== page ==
The greatest coincidence happened. I enjoyed my first free dive in the ocean surrounding Pongso no Tao – also known as Orchid Island or Lanyu. I tried to relax my body for the final breath-up, executed a duck dive and started finning towards the bottom of the sea while holding my breath. Then, startingly, at ten meters deep, I saw a snake was swimming straight at me. Quite scared, and wearing only my swimming shorts, I swiftly turned around and finned back up. The snake too hastened its pace, definitely following me until only the very last moment when it decided to pursue another course. On my next dive to the bottom, at eight meters deep, another snake swam up towards me, wanting to close in on me. I quickly retreated and broke through the water surface grasping for breath in a small panic. Enough bottom diving for today, I thought.
I was reminded about how the local ocean writer Syaman Rapongan wrote that when he learned how to dive, he felt that the ocean needed to get to know him gradually, step by step. The ocean needed to taste him first.
But the real coincidence happened when I left the ocean water. The particular diving spot we had visited was not really known by tourists and difficult to reach so we were alone all afternoon, despite it being tourist season on the island. When scrambling over the sharp rocks, I noticed two locals, an older man and a guy around my age, preparing their spearfishing guns. I glanced at the man several times as he seemed familiar to me. Finally, I ignored my shyness and went over saying “maran kong” (“hello uncle” in the local language) in an attempt to start a conversation. The man asked me where I come from and I replied that I am from Belgium. All at once he started speaking French to me and I realized that this man was the writer Syaman Rapongan. During my research I had found that he had studied French at university.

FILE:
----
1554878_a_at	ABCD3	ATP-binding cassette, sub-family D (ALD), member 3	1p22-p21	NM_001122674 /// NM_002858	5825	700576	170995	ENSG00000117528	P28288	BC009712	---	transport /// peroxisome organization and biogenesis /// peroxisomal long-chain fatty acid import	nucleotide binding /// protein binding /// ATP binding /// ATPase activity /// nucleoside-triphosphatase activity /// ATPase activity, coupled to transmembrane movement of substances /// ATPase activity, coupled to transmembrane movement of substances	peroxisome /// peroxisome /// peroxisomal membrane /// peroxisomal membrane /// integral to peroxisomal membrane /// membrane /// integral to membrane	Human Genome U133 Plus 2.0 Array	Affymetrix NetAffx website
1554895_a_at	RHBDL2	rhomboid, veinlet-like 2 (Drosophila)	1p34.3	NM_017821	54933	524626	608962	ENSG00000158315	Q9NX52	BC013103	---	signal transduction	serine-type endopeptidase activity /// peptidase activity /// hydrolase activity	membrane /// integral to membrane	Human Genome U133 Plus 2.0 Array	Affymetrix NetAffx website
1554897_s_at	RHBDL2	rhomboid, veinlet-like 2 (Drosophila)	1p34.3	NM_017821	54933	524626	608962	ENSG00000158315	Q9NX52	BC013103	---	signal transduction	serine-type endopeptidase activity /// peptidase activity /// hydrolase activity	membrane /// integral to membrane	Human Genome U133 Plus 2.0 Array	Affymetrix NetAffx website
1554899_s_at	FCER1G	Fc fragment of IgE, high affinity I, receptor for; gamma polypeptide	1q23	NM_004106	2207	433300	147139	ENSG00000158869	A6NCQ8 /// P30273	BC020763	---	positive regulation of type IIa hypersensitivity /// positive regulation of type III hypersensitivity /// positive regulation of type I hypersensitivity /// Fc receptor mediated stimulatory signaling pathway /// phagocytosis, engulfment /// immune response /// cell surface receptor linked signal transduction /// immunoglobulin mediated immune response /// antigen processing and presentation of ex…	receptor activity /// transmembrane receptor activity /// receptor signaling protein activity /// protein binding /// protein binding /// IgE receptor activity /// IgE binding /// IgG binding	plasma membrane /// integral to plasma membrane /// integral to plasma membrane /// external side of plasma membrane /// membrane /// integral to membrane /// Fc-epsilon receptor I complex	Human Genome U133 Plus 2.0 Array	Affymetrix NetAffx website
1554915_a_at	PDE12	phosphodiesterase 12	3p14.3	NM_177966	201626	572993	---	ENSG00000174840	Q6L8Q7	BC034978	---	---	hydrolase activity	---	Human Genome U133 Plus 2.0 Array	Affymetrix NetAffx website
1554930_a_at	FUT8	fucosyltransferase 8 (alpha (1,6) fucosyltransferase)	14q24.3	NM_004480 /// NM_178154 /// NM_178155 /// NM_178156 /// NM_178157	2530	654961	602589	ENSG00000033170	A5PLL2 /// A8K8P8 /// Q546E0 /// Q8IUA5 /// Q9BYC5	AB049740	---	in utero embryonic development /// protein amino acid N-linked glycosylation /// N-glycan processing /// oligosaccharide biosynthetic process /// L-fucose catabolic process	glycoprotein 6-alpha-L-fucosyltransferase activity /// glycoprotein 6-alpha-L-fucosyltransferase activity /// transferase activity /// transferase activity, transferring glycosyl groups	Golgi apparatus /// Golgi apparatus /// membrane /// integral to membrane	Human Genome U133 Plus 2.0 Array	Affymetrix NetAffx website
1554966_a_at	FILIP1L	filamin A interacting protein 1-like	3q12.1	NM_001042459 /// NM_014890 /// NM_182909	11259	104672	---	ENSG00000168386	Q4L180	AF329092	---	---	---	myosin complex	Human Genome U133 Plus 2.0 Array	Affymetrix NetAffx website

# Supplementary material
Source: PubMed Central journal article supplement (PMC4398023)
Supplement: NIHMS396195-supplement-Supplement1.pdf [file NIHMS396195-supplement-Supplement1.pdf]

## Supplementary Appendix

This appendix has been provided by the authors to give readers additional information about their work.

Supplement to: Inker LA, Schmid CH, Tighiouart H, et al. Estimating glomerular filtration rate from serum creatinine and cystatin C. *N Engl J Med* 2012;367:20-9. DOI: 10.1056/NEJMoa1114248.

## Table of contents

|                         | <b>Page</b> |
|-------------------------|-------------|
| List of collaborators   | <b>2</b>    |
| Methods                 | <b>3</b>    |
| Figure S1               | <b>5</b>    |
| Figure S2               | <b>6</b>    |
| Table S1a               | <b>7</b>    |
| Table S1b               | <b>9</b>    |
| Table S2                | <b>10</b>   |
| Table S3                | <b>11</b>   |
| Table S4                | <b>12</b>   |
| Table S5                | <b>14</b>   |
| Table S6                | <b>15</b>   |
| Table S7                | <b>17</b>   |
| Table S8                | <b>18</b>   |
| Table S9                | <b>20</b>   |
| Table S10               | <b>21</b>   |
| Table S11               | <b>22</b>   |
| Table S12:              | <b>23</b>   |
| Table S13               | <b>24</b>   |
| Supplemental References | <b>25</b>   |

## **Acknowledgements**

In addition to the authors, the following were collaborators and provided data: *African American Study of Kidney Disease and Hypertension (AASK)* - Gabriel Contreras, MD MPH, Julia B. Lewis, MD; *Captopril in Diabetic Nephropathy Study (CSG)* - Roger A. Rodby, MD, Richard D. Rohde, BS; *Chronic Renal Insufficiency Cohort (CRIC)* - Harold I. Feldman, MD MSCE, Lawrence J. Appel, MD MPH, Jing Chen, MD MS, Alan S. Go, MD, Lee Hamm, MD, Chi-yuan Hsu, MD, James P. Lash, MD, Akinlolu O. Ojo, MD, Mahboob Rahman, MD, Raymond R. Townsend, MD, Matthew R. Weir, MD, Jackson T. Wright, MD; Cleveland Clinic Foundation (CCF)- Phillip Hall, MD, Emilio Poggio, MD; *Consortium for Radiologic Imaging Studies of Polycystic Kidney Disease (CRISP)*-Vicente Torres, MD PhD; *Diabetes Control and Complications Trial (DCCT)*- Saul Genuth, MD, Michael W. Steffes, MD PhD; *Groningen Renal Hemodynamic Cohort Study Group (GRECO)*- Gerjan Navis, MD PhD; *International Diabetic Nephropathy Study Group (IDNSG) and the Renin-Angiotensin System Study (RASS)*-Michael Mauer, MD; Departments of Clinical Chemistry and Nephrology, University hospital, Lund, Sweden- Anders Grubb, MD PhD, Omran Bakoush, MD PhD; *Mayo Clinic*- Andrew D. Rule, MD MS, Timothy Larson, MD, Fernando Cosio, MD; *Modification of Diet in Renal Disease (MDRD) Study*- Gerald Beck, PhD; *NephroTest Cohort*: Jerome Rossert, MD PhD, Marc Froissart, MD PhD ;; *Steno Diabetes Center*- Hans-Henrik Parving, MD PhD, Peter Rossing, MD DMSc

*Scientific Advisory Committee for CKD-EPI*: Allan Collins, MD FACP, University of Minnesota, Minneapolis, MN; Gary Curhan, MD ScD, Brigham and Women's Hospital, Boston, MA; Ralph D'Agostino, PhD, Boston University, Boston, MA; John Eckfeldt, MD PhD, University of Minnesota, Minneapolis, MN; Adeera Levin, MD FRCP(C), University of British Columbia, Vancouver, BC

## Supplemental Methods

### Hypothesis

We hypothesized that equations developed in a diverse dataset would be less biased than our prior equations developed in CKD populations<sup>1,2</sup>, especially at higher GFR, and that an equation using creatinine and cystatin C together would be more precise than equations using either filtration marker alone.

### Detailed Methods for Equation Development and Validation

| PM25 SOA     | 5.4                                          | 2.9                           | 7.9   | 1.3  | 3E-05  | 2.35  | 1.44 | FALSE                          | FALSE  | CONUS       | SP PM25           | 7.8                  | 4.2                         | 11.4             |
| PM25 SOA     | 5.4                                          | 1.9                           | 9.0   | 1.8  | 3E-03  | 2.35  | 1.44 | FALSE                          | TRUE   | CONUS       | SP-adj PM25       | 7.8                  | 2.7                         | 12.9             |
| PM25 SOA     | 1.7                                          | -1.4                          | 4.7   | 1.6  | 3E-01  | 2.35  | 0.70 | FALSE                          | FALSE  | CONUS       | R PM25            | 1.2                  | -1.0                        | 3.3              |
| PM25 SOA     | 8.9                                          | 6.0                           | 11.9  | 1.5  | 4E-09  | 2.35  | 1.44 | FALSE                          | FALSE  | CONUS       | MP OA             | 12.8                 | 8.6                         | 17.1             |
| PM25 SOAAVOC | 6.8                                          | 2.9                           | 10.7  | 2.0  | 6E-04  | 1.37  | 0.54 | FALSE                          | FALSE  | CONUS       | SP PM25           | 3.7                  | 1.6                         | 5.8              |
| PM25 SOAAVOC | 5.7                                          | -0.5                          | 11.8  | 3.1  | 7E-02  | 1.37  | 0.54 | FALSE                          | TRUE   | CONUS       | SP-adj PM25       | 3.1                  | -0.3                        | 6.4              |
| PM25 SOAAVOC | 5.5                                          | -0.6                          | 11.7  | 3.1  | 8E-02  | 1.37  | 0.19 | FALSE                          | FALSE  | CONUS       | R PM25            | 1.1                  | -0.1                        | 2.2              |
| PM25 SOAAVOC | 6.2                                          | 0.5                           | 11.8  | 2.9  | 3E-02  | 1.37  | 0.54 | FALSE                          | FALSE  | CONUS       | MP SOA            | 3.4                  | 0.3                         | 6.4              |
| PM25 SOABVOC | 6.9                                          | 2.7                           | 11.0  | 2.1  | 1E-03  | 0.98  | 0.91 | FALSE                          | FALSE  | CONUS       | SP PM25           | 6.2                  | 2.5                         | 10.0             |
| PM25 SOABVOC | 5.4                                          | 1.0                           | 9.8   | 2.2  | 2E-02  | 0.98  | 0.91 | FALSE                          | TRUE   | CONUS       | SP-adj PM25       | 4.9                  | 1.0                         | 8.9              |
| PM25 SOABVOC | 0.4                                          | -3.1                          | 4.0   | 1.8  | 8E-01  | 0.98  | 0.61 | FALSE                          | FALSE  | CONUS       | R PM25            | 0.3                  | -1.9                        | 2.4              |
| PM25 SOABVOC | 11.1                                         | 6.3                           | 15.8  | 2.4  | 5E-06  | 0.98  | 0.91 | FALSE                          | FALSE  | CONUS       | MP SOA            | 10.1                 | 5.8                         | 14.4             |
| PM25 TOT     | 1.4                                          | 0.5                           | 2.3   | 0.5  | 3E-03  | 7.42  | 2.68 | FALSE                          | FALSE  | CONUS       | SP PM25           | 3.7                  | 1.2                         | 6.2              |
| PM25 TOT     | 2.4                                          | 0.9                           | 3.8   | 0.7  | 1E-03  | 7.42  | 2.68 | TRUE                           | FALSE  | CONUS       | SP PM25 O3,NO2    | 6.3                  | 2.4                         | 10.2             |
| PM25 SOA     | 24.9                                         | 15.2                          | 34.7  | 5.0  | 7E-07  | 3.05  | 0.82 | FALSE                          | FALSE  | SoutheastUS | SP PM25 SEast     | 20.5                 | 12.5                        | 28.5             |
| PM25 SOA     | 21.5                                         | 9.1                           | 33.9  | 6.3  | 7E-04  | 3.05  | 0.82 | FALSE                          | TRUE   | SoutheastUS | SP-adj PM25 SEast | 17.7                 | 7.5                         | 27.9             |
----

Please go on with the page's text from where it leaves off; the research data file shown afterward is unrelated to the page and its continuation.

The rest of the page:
We chatted a bit and to my surprise I discovered that he was my neighbour on the island. I explained to him that I hoped to talk to him more another day and he told me that he is quite busy with writing a new novel and crafting a traditional boat. By way of a goodbye I urged him ‘not to go hunt fish too late’ – it was already past four in the afternoon with the sun setting well before six. My remark was meant as a joke since he repeatedly writes in his novels about how he went dangerously spearfishing too late and alone, to the despair of his parents and cousins. Syaman Rapongan laughed and replied: “It’s my habit, you know that.” And into the ocean, he descended.
Unfortunately, my encounters with sea snakes have not ended. I am not sure whether they like me, hate me, or are just curious… Is my bright white skin or my fast finning attracting them? I felt it was odd that they never seemed to have an interest in my diving partners.
Yesterday, I was executing one last deep dive on one breath, aiming to break my 26 meters record before heading home. And then it happened again: I almost bumped into a small snake which rapidly followed me upwards. And I filmed it! Kind of. Terrifying.
Today, I had a brief conversation with Syaman Rapongan and could not help myself but asking about the sea snakes. He explained that the local Tao people regard the sea snake as an ugly animal. This means that they will never eat them. But he reassures me that they form no threat to humans. The big adult sea snakes have their teeth too far in their throat. Only the little young ones have little teeth at the front of their mouth. “They pose no danger,” he concluded: “The small ones only sometimes bite a little bit. Just to taste.”
– This text was written during my field research stay from September until November on Pongso no Tao (Taiwan).